patterns such as those depicted in Figure 9-1 occur in part because of the
frictional drag exerted on the atmosphere
by the earth's surface. The atmospheric boundary layer isgenerally
defined as the layer of the atmosphere within which the dynamic properties
(i.e., winds) and thermodynamic properties (i.e., temperature, pressure,
moisture) are directly influenced by the earth's surface. Factors that
influence the vertical distribution of winds include
gradients in temperature (thermal wind effects),
development of local temperature and pressure gradients in shoreline
settings (land/sea-breeze circulations) and complex terrain environments
momentum transport by turbulent eddies,
reductions in frictional stress at night that can lead to the formation
of low-level jets.
such as these are described in references  and ; examples of the
effects of such circulations on air quality are described in reference .
9-1 Example wind and temperature profiles from a radiosonde sounding system.
upper-air wind data are critical to air quality analysis and modeling
efforts. The data are used for the
assessment of transport characteristics, as direct input to Gaussian
dispersion models, and in the initialization and application of
meteorological models (that are used to prepare time-varying,
three-dimensional meteorological fields for puff and grid-based air quality
wind speeds are almost always reported in units of meters per second (ms -1
) or knots (nautical miles per hour).
Wind direction is reported as the direction from which the wind is blowing
in degrees (clockwise) relative to true north. Altitude is usually reported
in meters or feet and must be defined as corresponding to height above mean
sea level or height above ground level. Radiosonde data are typically
reported as height above mean sea level (msl), whereas wind data collected
by the remote sensing systems are often reported as height above ground
remote sensing systems described in these guidelines provide a measure of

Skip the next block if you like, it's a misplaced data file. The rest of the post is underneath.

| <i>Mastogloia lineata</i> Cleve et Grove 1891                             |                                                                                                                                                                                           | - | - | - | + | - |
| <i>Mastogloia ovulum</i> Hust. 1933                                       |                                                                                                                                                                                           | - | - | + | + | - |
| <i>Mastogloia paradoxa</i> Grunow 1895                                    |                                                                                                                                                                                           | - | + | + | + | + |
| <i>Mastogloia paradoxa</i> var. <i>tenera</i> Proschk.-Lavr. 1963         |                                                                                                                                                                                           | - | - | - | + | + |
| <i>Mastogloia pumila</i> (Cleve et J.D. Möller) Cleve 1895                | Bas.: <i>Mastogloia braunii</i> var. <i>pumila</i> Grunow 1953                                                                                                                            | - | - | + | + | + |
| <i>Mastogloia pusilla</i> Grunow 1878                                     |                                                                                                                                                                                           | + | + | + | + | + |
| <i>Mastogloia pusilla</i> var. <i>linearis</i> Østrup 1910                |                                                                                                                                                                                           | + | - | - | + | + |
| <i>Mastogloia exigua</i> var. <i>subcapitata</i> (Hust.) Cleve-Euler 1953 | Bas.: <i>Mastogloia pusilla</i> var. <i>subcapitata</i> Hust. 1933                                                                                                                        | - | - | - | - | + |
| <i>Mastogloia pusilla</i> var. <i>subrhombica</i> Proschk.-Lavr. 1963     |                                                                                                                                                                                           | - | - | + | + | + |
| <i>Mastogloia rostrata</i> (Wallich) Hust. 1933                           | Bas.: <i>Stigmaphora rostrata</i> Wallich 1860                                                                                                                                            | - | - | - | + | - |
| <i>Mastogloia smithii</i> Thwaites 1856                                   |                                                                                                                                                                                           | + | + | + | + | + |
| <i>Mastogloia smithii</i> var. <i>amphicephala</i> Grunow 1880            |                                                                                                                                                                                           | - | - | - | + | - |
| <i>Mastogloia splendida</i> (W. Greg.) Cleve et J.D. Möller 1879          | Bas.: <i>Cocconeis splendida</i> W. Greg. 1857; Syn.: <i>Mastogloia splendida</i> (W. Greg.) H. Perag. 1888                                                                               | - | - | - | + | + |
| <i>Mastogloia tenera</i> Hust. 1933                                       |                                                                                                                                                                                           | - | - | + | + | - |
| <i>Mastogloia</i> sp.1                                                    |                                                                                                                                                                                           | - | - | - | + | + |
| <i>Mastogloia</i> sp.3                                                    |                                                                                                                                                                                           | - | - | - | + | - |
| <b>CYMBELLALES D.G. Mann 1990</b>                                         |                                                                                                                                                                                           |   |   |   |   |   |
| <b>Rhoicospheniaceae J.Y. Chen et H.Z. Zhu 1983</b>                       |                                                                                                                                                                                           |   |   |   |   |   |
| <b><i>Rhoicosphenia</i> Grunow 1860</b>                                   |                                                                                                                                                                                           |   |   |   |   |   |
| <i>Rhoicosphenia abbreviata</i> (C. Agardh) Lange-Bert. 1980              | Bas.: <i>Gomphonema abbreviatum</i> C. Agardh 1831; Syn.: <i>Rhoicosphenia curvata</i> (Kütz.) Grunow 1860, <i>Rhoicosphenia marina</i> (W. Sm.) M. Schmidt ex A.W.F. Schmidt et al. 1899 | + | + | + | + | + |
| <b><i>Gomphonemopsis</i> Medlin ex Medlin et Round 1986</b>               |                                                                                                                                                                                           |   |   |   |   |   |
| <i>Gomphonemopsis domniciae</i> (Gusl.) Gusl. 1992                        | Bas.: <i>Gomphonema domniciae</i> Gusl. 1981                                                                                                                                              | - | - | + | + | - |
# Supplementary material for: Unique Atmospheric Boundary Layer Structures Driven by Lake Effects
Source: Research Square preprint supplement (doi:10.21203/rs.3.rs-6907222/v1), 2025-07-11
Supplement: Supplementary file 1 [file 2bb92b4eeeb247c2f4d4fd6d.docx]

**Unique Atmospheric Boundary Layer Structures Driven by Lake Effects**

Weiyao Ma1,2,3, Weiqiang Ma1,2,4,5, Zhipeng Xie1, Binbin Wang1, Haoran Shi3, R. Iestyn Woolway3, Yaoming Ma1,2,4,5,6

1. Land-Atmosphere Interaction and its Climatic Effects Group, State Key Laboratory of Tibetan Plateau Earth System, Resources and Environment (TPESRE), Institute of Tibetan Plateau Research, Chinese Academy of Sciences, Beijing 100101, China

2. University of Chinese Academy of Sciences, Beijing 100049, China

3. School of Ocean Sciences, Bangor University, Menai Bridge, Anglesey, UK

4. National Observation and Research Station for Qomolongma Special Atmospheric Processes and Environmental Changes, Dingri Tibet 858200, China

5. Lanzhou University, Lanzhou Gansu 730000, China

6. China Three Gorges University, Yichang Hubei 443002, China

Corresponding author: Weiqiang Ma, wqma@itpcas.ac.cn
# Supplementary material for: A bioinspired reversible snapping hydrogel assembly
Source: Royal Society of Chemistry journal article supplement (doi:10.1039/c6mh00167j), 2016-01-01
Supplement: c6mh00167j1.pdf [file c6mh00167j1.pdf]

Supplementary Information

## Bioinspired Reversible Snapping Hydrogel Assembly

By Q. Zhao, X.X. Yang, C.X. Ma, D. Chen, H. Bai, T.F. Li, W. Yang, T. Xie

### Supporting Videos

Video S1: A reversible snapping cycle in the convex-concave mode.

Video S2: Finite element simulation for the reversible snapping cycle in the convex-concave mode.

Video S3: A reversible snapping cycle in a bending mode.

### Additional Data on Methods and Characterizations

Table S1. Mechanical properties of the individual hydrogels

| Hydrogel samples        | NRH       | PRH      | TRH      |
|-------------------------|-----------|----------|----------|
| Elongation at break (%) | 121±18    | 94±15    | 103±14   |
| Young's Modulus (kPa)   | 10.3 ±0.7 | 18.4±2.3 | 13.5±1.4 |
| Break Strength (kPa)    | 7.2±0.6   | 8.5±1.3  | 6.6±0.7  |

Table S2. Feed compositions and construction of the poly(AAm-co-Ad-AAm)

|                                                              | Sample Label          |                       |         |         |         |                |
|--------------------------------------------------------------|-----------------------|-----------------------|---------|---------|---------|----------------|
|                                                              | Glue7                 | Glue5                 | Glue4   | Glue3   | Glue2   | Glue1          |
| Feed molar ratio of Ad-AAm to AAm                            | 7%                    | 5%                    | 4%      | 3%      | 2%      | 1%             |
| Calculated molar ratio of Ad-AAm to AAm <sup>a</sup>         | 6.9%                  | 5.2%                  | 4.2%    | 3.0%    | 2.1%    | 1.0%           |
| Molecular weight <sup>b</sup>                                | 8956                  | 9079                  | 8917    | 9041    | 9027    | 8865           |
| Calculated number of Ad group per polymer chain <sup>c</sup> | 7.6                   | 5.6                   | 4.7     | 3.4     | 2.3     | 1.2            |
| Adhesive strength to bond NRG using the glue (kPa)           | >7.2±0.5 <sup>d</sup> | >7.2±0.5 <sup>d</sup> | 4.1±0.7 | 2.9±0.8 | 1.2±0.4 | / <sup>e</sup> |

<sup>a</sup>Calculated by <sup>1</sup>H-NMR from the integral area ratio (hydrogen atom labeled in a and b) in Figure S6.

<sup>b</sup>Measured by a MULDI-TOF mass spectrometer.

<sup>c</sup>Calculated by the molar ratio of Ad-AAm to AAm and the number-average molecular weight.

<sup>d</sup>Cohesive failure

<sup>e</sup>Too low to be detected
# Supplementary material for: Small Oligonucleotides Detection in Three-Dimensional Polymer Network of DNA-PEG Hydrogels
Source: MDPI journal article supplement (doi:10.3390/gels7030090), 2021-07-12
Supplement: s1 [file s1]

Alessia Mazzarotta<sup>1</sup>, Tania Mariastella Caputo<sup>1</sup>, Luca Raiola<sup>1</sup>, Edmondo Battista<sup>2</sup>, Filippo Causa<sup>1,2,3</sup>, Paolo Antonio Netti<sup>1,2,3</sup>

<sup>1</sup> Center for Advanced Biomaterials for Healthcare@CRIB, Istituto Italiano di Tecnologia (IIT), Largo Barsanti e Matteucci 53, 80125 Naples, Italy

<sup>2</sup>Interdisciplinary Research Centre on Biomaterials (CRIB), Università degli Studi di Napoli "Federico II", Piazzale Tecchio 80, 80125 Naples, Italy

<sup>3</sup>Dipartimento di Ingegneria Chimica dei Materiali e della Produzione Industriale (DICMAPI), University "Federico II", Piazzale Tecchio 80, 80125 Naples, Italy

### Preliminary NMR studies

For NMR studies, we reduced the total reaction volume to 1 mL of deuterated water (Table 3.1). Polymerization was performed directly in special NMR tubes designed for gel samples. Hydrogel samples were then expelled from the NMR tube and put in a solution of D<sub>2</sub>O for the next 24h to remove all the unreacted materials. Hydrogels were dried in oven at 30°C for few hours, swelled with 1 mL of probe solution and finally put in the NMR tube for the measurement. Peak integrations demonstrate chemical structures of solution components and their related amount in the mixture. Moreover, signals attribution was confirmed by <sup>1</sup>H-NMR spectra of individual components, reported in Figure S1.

vertical velocity. To date, however,
little use has been made of these data in air quality modeling or data
analysis applications. Additional work is needed (possibly on a case-by-case
basis) to determine the utility of these data for air quality applications.
Vertical profiles of atmospheric
pressure are measured during radiosonde ascents.
The remote sensing systems considered in this document do not measure
pressure. Pressure data are critical for radiosonde soundings because they
are used to calculate the altitude of the sonde (strictly speaking, the
geopotential altitude). Differential global position systems (GPS)
rawinsonde systems are being developed that will be able to measure the
altitude of the sonde directly, but pressure data will still be needed to
support many modeling and data analysis efforts. For air quality purposes,
pressure data are used in the application of meteorological models, and as
direct input to air quality models. Pressure is reported in units of
millibars (mb) or hectopascals (hPa).
Upper-air temperature measurements
are most commonly obtained using radiosonde sounding systems. Radiosonde
temperature measurements are point measurements. These can be obtained every
few seconds, yielding a vertical resolution of a few meters to about 10 m,
depending on the rate of ascent of the balloon.
data can also be obtained using RASS. RASS temperature measurementsare
volume averages, with a vertical resolution comparable to that of the wind
measurements reported by the remote
sensing systems (i.e., 50 to 100 m). RASS measures the virtual temperature (Tv
) of the air rather than the dry-bulb temperature (T). The virtual
temperature of an air parcel is the temperature that dry air would have if
its pressure and density were equal to those of a parcel of moist air, and
thus Tv is always higher than the dry-bulb temperature. Under hot and humid
conditions, the difference between Tv and T is usually on the order of a few
(2 to 3) degrees C; at low humidity, differences between Tv and T are small.
Given representative moisture and pressure profiles, temperature can be
estimated from the virtual temperature measurements.
data are used widely in air quality analysis and modeling, including
theapplication and evaluation of meteorological models, and as direct input